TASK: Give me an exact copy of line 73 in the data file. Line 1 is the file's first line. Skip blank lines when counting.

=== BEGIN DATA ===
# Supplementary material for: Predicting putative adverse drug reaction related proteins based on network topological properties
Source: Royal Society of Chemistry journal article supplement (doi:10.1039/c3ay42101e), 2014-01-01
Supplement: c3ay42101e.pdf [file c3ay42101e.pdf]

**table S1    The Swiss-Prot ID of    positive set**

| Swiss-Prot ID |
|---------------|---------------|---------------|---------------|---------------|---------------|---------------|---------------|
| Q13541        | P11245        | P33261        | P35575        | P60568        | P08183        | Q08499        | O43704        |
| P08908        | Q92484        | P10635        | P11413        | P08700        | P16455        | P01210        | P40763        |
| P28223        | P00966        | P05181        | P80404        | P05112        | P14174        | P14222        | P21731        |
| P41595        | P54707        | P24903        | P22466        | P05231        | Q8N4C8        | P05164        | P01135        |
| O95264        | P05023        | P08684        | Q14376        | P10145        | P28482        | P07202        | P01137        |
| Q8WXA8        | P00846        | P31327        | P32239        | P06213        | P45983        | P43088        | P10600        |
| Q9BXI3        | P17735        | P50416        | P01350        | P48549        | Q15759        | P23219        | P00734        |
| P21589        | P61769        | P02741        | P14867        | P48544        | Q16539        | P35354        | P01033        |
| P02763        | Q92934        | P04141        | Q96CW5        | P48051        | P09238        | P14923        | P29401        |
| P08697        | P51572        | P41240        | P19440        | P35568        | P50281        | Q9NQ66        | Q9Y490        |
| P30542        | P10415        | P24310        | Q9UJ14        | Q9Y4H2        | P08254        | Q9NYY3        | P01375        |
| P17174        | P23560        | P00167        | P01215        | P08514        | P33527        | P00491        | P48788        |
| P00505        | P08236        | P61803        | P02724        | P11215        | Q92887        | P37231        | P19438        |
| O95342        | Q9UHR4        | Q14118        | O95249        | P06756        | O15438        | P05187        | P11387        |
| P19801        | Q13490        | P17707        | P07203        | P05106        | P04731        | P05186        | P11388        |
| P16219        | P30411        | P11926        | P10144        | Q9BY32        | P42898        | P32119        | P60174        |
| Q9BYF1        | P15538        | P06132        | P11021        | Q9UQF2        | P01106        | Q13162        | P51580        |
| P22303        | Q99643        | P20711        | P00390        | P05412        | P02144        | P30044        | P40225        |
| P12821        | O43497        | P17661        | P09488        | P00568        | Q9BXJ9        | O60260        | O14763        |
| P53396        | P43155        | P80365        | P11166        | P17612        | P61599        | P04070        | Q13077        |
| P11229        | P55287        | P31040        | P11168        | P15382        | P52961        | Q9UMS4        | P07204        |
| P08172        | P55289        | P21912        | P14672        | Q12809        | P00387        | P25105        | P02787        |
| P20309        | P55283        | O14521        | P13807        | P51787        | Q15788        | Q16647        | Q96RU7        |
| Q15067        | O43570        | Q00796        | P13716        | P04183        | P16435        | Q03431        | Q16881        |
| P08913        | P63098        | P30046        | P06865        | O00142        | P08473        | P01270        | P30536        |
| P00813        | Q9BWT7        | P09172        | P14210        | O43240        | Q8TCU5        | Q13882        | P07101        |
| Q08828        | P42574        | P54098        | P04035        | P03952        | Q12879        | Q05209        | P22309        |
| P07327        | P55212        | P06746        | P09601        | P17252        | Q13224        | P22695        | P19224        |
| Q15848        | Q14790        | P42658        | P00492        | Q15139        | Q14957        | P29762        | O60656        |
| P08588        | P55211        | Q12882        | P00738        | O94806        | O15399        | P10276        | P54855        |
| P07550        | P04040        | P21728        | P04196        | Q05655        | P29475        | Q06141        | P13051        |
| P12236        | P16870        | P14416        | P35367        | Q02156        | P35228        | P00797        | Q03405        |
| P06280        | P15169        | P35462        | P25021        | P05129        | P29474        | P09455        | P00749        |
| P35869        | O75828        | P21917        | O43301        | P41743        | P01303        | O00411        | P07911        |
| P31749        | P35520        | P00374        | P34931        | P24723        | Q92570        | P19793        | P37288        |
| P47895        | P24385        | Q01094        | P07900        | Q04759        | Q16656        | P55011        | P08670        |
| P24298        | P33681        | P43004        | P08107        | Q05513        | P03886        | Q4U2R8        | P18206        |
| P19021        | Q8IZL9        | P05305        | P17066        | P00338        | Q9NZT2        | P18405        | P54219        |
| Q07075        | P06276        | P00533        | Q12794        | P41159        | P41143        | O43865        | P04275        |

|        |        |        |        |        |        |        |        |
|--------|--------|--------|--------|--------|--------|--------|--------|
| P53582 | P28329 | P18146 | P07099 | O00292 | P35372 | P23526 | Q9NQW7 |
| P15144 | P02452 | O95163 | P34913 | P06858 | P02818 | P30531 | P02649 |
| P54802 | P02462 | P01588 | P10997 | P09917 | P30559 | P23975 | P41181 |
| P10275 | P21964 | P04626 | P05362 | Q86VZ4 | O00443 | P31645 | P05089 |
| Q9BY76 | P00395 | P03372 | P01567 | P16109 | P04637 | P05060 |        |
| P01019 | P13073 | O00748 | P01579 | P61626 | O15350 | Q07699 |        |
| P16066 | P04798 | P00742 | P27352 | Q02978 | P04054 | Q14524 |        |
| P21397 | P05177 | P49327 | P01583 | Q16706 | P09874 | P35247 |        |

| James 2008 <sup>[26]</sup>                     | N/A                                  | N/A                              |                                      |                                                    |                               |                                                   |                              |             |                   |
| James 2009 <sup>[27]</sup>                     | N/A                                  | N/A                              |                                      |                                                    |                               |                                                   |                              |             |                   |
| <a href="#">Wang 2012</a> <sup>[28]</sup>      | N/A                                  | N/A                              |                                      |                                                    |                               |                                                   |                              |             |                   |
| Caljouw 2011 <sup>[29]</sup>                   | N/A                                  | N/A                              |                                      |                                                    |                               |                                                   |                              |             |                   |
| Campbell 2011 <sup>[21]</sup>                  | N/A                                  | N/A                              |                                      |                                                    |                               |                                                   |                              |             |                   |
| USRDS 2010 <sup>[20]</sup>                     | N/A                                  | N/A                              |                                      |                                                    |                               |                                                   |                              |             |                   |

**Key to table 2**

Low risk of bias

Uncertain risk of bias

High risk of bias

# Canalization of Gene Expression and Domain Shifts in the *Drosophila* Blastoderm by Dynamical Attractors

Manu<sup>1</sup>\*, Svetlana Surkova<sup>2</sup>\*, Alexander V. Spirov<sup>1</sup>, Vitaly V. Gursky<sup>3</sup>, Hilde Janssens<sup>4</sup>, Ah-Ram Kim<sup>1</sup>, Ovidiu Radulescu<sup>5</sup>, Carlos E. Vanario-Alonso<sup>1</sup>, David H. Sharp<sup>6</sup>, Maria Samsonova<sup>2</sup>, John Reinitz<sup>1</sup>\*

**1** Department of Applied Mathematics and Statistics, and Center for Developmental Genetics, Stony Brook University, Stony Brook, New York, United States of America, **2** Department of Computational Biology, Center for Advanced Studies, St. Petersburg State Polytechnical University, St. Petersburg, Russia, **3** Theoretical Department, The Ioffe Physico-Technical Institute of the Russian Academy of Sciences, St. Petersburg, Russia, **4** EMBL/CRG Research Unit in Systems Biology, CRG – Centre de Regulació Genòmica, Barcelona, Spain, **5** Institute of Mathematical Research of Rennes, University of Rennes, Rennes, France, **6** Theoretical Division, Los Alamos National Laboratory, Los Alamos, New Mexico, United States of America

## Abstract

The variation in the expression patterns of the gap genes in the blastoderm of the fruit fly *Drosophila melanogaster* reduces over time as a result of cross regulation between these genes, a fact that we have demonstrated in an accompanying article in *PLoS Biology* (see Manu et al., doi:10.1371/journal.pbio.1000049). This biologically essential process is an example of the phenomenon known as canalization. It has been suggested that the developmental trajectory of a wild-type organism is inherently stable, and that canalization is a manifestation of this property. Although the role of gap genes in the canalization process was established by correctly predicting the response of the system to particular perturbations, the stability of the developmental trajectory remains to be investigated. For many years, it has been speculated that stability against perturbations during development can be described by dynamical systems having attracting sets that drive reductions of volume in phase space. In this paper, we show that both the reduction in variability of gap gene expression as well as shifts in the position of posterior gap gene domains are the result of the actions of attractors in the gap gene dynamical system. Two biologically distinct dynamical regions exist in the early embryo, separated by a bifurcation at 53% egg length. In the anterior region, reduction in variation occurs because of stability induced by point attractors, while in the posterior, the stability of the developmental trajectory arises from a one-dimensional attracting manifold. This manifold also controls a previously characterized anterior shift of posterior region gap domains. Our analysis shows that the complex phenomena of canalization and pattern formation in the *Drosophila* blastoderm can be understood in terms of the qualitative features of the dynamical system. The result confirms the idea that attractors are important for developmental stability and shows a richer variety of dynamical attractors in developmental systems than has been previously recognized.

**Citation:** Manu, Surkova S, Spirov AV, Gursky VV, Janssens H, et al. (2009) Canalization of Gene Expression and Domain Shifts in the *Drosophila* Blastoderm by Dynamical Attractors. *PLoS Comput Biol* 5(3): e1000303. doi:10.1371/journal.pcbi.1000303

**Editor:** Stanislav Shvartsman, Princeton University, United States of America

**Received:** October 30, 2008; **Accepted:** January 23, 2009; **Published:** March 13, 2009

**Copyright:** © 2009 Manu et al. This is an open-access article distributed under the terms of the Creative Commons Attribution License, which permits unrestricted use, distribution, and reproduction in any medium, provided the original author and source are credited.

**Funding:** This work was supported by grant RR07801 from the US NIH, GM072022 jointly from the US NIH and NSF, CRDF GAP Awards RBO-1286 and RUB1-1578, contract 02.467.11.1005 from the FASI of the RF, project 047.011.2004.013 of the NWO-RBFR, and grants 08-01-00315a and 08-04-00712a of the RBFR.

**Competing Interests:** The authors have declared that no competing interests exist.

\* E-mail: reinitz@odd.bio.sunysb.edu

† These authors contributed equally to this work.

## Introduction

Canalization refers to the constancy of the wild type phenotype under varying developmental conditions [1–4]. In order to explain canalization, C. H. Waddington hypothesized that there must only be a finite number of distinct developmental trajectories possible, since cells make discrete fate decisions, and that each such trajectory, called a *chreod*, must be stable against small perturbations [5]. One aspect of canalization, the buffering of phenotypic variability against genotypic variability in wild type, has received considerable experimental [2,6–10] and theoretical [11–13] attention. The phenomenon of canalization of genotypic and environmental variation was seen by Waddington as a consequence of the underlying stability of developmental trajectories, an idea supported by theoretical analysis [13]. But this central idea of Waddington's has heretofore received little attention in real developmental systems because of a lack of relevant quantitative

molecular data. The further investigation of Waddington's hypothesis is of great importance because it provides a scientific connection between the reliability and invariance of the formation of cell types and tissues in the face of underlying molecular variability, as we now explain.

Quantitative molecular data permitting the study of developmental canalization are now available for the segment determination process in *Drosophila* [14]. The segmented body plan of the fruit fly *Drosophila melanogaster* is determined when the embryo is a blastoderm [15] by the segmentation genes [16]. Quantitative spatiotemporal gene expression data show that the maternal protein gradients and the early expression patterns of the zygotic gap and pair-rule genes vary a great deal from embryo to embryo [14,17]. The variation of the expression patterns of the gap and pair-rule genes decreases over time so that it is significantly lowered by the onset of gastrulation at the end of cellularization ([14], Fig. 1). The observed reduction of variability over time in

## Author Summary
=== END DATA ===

**Received:** October 30, 2008; **Accepted:** January 23, 2009; **Published:** March 13, 2009